National polling average among Democratic voters: 39.6% (2nd)
March 15 state average: 38.3% (2nd)

STOCK: Neutral
Last month: 5

(Photo credit MICHAEL B. THOMAS/AFP/Getty Images)

3. Ted Cruz, Republican, senator from Texas

Cruz has mounted something of a comeback over the past two weeks, becoming clearly best positioned among the Republican field to take on Trump. 

He won three contests on Super Tuesday, two more on March 5, and Idaho's contest last week. The map gets more challenging after Tuesday, with April dominated by Northeast and mid-Atlantic contests more favorable to Trump.

Still, Cruz inspires a flood of enthusiasm among the GOP base, and he may be the best-positioned candidate from within the political sphere to back up the notion that he's not a typical politician, that he is the outsider the base wants despite his day job in Washington.

And his eye-popping fund-raising numbers mean he could be in the race for the long haul — perhaps all the way to the convention.

National polling average among Republican voters: 21.8% (2nd)
March 15 state average: 23.2% (2nd)

STOCK: Rising
Last month: 4

(Photo by Charles Ledford/Getty Images)

2. Donald Trump, Republican, businessman

Trump has lit the political world on fire since his entry into the race last summer, and he has showed surprising staying power. We're now on month No. 10 of "The Trump Show."

He has won 15 of the 25 decided contests, something unthinkable when he entered the race in June. And he appears closer than ever to finishing off his rivals: With wins in Florida and Ohio, he could amass more than 160 delegates and would see a clear path to the 1,237 majority needed to clinch the nomination.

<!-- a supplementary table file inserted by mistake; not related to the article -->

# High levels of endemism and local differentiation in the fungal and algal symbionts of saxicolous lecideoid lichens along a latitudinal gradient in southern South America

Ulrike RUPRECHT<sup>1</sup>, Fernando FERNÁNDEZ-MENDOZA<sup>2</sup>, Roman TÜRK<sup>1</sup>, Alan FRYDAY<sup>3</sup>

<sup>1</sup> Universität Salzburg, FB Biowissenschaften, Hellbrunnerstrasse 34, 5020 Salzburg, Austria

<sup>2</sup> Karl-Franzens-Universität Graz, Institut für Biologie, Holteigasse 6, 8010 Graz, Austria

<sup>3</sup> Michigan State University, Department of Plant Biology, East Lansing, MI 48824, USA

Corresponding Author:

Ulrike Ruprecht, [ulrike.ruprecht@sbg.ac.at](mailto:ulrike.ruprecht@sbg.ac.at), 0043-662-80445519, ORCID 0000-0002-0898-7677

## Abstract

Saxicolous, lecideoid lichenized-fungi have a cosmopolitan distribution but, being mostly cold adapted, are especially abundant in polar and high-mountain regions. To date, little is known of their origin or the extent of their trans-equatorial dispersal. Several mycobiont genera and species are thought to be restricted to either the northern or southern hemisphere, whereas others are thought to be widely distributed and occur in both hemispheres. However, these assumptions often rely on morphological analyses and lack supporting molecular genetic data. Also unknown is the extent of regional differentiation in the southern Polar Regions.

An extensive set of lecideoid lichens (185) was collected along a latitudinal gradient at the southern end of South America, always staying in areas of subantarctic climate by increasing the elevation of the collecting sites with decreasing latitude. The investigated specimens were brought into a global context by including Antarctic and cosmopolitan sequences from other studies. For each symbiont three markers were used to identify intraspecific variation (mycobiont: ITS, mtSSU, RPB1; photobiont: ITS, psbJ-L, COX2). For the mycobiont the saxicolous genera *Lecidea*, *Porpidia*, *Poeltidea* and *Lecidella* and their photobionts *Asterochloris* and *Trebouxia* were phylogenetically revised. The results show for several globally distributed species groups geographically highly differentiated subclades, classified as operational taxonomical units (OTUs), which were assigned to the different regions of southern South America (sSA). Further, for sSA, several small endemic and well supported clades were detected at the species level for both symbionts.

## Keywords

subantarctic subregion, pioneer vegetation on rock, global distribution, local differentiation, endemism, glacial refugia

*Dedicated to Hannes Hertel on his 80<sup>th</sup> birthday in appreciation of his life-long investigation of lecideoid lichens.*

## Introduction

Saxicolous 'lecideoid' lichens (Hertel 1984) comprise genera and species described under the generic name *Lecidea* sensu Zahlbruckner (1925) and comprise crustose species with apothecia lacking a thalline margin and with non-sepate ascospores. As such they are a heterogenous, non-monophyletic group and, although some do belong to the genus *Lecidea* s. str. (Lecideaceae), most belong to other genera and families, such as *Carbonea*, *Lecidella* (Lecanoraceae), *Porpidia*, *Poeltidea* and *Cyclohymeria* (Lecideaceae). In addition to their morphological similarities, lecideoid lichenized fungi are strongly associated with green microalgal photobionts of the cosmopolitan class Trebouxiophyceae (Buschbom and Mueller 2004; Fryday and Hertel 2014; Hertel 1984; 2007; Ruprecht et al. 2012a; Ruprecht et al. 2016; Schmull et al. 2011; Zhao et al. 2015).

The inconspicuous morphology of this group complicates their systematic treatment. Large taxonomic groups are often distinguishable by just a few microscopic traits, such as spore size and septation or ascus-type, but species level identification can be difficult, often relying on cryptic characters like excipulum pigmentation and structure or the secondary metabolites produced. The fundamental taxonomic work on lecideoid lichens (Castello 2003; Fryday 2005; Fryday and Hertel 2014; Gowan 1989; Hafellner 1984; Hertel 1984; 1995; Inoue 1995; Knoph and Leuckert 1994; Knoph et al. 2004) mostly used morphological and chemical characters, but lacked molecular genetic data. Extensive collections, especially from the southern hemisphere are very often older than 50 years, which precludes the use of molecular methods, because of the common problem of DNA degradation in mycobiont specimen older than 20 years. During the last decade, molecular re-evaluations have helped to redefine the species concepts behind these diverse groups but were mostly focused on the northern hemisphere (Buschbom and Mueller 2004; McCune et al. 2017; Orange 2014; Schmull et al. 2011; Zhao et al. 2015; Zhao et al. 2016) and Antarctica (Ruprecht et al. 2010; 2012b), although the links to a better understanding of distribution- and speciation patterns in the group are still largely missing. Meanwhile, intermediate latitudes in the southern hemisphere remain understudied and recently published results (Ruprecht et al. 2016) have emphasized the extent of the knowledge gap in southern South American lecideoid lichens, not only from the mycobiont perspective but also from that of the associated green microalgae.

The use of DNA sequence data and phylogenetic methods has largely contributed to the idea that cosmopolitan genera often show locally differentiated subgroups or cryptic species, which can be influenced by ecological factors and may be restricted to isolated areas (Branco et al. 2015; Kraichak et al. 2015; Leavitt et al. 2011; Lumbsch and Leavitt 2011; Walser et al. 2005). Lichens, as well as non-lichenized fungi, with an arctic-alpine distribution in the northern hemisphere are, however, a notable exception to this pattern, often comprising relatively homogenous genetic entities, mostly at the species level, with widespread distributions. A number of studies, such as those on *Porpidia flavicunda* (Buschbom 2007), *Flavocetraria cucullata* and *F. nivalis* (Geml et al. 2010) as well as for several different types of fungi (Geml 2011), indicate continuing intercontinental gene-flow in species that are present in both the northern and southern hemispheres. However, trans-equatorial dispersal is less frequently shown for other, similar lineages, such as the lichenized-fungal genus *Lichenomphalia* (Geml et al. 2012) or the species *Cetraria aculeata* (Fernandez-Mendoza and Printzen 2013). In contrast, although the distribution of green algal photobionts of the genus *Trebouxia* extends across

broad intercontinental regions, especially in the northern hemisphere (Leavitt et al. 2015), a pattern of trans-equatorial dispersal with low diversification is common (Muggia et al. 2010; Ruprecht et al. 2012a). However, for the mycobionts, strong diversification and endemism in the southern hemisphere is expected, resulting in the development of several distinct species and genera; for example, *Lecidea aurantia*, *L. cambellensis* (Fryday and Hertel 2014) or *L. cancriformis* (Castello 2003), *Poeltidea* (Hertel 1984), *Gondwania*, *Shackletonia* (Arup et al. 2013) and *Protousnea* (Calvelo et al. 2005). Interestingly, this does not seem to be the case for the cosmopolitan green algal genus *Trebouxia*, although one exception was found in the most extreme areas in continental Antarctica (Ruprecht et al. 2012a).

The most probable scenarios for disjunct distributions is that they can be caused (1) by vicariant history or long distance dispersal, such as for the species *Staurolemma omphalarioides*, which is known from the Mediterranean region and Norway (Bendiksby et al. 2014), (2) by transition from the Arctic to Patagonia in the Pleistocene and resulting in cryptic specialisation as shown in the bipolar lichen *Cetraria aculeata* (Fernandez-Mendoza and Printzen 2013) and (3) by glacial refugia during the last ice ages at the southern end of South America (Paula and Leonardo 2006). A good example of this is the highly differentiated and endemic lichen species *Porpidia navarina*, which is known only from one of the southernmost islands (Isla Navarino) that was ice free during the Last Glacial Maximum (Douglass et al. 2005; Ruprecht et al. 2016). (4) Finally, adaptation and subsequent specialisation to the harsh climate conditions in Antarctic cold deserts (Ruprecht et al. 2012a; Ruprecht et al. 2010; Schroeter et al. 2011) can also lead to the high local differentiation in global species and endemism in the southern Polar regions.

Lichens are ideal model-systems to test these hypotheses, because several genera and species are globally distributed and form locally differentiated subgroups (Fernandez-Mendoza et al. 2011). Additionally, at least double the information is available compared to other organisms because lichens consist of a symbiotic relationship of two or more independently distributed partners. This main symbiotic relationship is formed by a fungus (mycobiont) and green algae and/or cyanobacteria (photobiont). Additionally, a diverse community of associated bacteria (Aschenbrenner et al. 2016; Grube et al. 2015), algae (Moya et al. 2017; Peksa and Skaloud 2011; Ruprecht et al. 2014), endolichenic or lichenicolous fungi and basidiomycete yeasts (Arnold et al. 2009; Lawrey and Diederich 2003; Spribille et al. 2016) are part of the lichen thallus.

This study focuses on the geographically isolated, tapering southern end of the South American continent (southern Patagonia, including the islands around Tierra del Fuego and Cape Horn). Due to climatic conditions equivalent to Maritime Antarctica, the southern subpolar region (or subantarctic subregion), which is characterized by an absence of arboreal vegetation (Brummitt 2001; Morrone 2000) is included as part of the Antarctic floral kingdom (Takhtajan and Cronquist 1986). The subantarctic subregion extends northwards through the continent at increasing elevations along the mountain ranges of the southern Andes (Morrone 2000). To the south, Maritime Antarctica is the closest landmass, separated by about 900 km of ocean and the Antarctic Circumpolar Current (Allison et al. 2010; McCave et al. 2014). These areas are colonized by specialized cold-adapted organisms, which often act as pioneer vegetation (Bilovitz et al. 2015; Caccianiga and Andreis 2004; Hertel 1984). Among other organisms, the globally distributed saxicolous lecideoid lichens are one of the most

There's a clear appetite among Republican primary voters for someone like Trump, who entered the race to controversy surrounding his position on illegal immigration. Business Insider discovered more of that when we followed him on the trail for a week.

National polling average among Republican voters: 36% (1st)
March 15 state average: 38% (1st)

STOCK: Neutral
Last month: 2

(Photo by Andrew Harrer/Bloomberg via Getty Images)

1. Hillary Clinton, Democrat, former secretary of state


A new, more dominant Hillary Clinton emerged after a win in Nevada and an obliteration in South Carolina late last month.

She suffered a setback last week in Michigan but still ended that night with more pledged delegates than Sanders. The delegate math is on her side going forward.

The long-presumed Democratic nominee, Clinton has been a shakier-than-expected candidate. But she has a clear look at the nomination, and she would enter the general election with a slight advantage over the likely Republican nominee of Trump or Cruz.

National polling average among Democratic voters: 51% (1st)
March 15 state average: 54.3% (1st)

STOCK: Neutral
Last month: 1

(Photo by Daniel Acker/Bloomberg via Getty Images)


Rumors started to circulate early Tuesday, prompting some, including Trump himself, to respond via Twitter:

Palm Beach County Supervisor of Elections Susan Bucher said independent voters are not permitted to vote in the election, reports ABC News. She added that for municipal elections, none of the presidential candidates would appear on the ballot.